The United Nations' humanitarian relief agency says the number of people displaced within strife-torn Myanmar has for the first time exceeded 1 million, with well over half the total losing their homes after a military takeover last year. The U.N. Office for the Coordination of Humanitarian Affairs says in a report that an already critical situation is being exacerbated by ongoing fighting between the military government and its opponents, the increasing prices of essential commodities, and the coming of monsoon season, while funding for its relief efforts is severely inadequate. Its report covers the situation up to May 26. The military has hindered or denied independent access to areas not under its control, hampering aid efforts. Myanmar’s army in February last year seized power from the elected government of Aung San Suu Kyi, triggering widespread peaceful protests. When those were put down with lethal force by the army and police, nonviolent opposition turned into armed resistance, and the country slipped into what some U.N. experts characterize as a civil war. Also read: Myanmar situation continues to remain unsafe for civilians: Bangladesh OCHA says that fighting has recently escalated. “The impact on civilians is worsening daily with frequent indiscriminate attacks and incidents involving explosive hazards, including landmines and explosive remnants of war," the report says. It says that more than 694,300 people have become displaced from their homes since the army takeover, with thousands being uprooted a second or third time, and an estimated 346,000 people were displaced by fighting before last year’s takeover — mostly in frontier regions populated by ethnic minority groups who have been struggling for greater autonomy for decades. The report also says about 40,200 people have fled to neighboring countries since the takeover and more than 12,700 “civilian properties,” including houses, churches, monasteries and schools are estimated to have been destroyed. As of the end of the first quarter of this year, humanitarian assistance reached 2.6 million people in Myanmar, or 41% of the 6.2 million people targeted, OCHA says. The country's total population is over 55 million. But it warns this year’s Myanmar Humanitarian Response Plan is only 10% funded so far, falling short by $740 million. An official of the military government's Ministry of Social Welfare, Relief and Resettlement said Wednesday at a news conference in Myanmar's capital Naypyitaw that the government distributed humanitarian aid to more than 130,000 displaced people from May 2021 through May 27 this year. The official, whose testimony was broadcast but who was not identified by name, said 1,255 houses and five religious buildings were burned or destroyed in fighting between the army and local resistance militias, and consequently received government aid for rebuilding. Also read: FM urges UNHCR to expedite efforts at Rohingya repatriation to Myanmar U.N. High Commissioner for Refugees Filippo Grandi said last month that the number of people worldwide forced to flee conflict, violence, human rights violations and persecution has crossed the milestone of 100 million for the first time on record. That's more than 1% of the global population and comprises refugees and asylum-seekers as well as people displaced inside their own countries by conflict. Violence and conflicts in countries including Ethiopia, Burkina Faso, Myanmar, Nigeria, Afghanistan and the Democratic Republic of Congo had driven the total to almost 90 million by the end of last year. The war in Ukraine pushed the number past the 100 million mark. The Internal Displacement Monitoring Centre, an independent Geneva-based non-governmental organization, said 53.2 million people were displaced within their countries as a result of conflict and violence as of Dec. 31.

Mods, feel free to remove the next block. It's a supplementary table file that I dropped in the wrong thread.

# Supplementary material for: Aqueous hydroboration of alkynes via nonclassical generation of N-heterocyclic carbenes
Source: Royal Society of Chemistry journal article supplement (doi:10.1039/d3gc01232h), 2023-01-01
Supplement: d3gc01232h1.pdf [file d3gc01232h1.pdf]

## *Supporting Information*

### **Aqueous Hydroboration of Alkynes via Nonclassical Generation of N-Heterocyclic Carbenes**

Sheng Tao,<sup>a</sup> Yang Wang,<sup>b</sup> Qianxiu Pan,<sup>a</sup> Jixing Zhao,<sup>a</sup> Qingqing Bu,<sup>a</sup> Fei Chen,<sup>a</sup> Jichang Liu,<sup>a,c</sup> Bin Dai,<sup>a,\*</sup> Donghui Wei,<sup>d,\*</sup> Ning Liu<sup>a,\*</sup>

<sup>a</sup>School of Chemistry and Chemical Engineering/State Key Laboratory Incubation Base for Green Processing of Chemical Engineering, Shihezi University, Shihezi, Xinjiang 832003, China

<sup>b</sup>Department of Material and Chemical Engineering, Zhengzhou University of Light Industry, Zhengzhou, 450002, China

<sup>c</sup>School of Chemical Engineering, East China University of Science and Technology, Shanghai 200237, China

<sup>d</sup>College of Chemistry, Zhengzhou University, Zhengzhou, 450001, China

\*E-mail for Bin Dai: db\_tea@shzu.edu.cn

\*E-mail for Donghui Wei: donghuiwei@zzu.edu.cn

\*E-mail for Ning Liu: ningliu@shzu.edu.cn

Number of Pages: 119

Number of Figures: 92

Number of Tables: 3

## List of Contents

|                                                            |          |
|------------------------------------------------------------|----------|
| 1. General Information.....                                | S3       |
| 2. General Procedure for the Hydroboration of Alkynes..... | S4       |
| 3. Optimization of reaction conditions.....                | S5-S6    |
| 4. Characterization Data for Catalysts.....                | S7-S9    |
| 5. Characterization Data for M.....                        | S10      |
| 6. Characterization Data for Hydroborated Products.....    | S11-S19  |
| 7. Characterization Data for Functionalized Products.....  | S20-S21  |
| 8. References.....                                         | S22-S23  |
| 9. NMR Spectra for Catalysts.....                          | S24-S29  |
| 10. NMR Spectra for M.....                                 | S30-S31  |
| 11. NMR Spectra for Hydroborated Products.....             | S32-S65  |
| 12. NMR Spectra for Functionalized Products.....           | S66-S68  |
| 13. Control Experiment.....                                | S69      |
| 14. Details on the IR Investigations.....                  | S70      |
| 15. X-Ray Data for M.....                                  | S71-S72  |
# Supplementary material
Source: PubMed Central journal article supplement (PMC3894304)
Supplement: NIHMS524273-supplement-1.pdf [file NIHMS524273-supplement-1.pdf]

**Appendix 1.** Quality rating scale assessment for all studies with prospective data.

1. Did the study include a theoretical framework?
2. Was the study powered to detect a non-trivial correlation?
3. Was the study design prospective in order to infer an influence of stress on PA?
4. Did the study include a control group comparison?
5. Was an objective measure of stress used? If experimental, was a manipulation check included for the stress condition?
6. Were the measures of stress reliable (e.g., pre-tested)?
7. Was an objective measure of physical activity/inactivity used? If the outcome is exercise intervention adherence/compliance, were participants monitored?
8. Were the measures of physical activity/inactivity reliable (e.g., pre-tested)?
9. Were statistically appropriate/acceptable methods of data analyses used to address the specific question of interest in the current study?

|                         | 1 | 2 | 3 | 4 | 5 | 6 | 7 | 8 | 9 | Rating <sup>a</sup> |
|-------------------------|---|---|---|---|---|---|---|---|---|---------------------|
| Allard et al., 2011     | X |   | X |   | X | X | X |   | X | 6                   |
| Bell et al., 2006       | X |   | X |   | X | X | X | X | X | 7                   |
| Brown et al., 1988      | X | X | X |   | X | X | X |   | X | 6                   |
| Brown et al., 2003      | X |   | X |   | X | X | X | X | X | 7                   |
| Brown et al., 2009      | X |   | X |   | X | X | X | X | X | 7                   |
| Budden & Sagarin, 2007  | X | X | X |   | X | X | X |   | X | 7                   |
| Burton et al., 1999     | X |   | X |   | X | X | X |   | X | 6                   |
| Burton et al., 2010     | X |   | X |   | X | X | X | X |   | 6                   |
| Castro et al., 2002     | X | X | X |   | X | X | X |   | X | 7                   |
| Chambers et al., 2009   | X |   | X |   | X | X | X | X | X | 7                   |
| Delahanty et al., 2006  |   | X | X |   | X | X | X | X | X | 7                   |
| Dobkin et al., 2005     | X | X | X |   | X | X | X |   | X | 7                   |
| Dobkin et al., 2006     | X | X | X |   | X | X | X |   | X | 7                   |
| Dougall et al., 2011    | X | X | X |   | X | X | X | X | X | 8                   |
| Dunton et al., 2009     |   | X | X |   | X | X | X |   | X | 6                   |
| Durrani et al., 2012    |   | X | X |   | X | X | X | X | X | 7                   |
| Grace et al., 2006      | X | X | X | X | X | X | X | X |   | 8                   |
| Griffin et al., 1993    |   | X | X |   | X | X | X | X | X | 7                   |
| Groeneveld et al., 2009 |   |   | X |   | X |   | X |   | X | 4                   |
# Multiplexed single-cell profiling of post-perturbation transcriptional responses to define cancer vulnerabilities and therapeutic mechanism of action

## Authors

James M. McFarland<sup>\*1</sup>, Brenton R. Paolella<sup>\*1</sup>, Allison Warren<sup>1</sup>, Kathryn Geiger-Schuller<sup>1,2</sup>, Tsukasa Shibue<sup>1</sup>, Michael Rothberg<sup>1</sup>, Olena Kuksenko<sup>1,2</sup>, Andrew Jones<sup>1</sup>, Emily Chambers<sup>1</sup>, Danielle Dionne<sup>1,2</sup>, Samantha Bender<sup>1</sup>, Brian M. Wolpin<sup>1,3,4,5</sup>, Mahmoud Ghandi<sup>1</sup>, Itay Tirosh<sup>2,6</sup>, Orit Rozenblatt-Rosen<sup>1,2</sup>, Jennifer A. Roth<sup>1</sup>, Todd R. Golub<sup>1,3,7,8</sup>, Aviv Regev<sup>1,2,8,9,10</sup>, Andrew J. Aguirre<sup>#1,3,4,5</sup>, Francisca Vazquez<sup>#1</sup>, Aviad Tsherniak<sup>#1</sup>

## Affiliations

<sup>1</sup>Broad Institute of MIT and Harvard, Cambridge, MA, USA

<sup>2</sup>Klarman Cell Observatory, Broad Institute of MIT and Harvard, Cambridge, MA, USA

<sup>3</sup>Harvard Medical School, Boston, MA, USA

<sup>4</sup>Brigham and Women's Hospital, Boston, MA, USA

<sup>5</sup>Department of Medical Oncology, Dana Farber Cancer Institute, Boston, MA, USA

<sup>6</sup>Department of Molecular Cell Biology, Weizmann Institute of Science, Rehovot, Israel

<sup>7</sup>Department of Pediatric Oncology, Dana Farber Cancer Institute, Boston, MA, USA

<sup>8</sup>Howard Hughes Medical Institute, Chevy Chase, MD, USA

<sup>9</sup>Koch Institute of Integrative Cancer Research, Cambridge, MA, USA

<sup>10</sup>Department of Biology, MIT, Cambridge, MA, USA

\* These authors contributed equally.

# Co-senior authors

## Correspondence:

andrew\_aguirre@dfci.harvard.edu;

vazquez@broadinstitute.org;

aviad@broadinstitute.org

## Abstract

Violence in eastern Myanmar, including air raids that drove thousands of members of the Karen ethnic minority to seek shelter across the border in Thailand, deepened Tuesday with new air attacks by the military that seized power from an elected government last month. Thailand's prime minister denied that his country's security forces had forced villagers back to Myanmar who had fled from military airstrikes over the weekend, saying they returned home on their own accord. But the situation in eastern Myanmar appeared to be getting more, not less, dangerous. Saw Taw Nee, head of the foreign affairs department of the Karen National Union, the main political body representing the Karen minority there, confirmed that new raids Tuesday left six civilians dead and 11 wounded. Dave Eubank, a member of the Free Burma Rangers, which provides medical assistance to villagers in the region, provided the same information. The attacks by Myanmar's military led the KNU to issue a statement from one of its armed units saying that the government's "military ground troops are advancing into our territories from all fronts," and vowing to respond. "We have no other options left but to confront these serious threats posed by the illegitimate military junta's army in order to defend our territory, our Karen peoples, and their self-determination rights," said the statement, issued in the name of the KNU office for the district that was first attacked on Saturday. It said the attacks were the latest in a series of actions by Myanmar's military breaking a cease-fire agreement. The KNU has been fighting for greater autonomy for the Karen people. Thai Prime Minister Prayuth Chan-ocha, speaking before the latest air attacks, said his country is ready to shelter anyone who is escaping fighting, as it has done many times for decades. His comments came a day after humanitarian groups said Thailand has been sending back some of the thousands of people who have fled the air attacks by Myanmar's military. "There is no influx of refugees yet. We asked those who crossed to Thailand if they have any problem in their area. When they say no problem, we just asked them to return to their land first. We asked, we did not use any force," Prayuth told reporters. "We won't push them back," he said. 'If they are having fighting, how can we do so? But if they don't have any fighting at the moment, can they go back first?" The governor of Thailand's Mae Hong Son province, where as many as 3,000 refugees had sought shelter, said later that those still on Thai soil were expected to return to their own country in a day or two. The attacks are a further escalation of the violent crackdown by Myanmar's junta on protests against its Feb. 1 takeover. At least 510 protesters have been killed since the coup, according to Myanmar's Assistance Association for Political Prisoners, which says the actual toll is likely much higher. It says 2,574 people have been detained. Protests continued Tuesday despite the deaths of more than 100 people on Saturday alone. Engineers, teachers and students from the technology university in the southern city of Dawei marched without incident. The number of protesters killed in the city rose to eight with the announcement of the death of a teenager who was shot by soldiers on Saturday as he rode a motorbike with two friends. According to local media, a hospital certificate attributed his death to "serious injuries as he fell from a motorbike." Medical workers in Mandalay, the country's second biggest city, honored three of their colleagues who have been killed by security forces. The two doctors and a nurse were remembered in a simple ceremony in front of a banner with their photographs and the words "Rest In Power." At a cemetery in the biggest city, Yangon, three families gave their last farewells to relatives killed Monday in a night of chaos in the South Dagon neighborhood. Residents said police and soldiers moved through the streets firing randomly with live ammunition. The coup that ousted the government of Aung San Suu Kyi reversed the country's progress toward democracy since her National League for Democracy party won elections in 2015 after five decades of military rule. At Thailand's Mae Sam Laep village along the Salween River, which forms the border with Myanmar, paramilitary Thai Rangers on Tuesday twice waved off a boat that had come from the other side carrying seven people, including one lying flat and another with a bandage on his head. But ambulances soon arrived on the Thai side and it landed anyway. Thai villagers helped medical staff carry the injured people on stretchers to a small clinic at a nearby checkpoint. One man had large bruises on his back with open wounds, an injury one medical staffer said could have been caused by an explosion. An elderly woman in the group had small cuts and scabs all over her face. Thai nurses in protective gear to guard against COVID-19 attended to her, giving her and others tests for the coronavirus. Another villager from the boat, 48-year-old Aye Ja Bi, said he had been wounded by a bomb dropped by a plane. His legs were hit by shrapnel and his ears were ringing, he said, but he was unable to travel to get help until Tuesday. The airstrikes appeared to be retaliation for an attack by guerrillas under the command of the KNU on a government military outpost in which they claimed to have killed 10 soldiers and captured eight. Tuesday's KNU statement charged that the strikes had been planned before that. About 2,500-3,000 refugees crossed into Thailand on Sunday, according to several humanitarian aid agencies who have long worked with the Karen. They said on Monday, however, that Thai soldiers had begun to force people to return to Myanmar. "They told them it was safe to go back even though it is not safe. They were afraid to go back but they had no choice," said a spokesperson for the Karen Peace Support Network, a group of Karen civil society organizations in Myanmar. The army has restricted journalists' access to the area where the villagers crossed the border. Myanmar's government has battled Karen guerrillas on and off for years — along with other ethnic minorities seeking more autonomy — but the airstrikes marked a major escalation of violence. Political organizations representing the Karen and Kachin in northern Myanmar have issued statements in recent weeks warning the government against shooting protesters in their regions and threatening a response. They were joined Tuesday by the Three Brothers Alliance, which represent the guerrilla armies of the Rakhine, Kokang and Ta-ang -- also known as Palaung -- minorities. The alliance condemned the killing of protesters and said if it did not stop immediately, they would abandon a self-declared cease-fire and join with other groups to protect the people. Their statement, like those of the Karen and Kachin, seemed to suggest that any military response by them would be in their home areas, not in the cities of central Myanmar where the protests and repression have been the strongest. Supporters of the protest movement are hoping that the ethnic armed groups could help pressure the junta. Protest leaders in hiding say they have held talks, but there have been no commitments. The United States on Monday suspended a trade deal with Myanmar, also known as Burma, until a democratic government is restored in the Southeast Asian country. The office of the U.S. Trade Representative said the country was immediately suspending "all U.S. engagement with Burma under the 2013 Trade and Investment Framework Agreement." Under the agreement, the two countries cooperated on trade and investment issues in an effort to integrate Myanmar into the global economy, a reward for the military's decision to allow a return to democracy — a transition that ended abruptly with last month's coup. The announcement Monday doesn't stop trade between the two countries. Last week, the United States restricted American dealings with two giant Myanmar military holding companies that dominate much of that country's economy. END/AP/UNB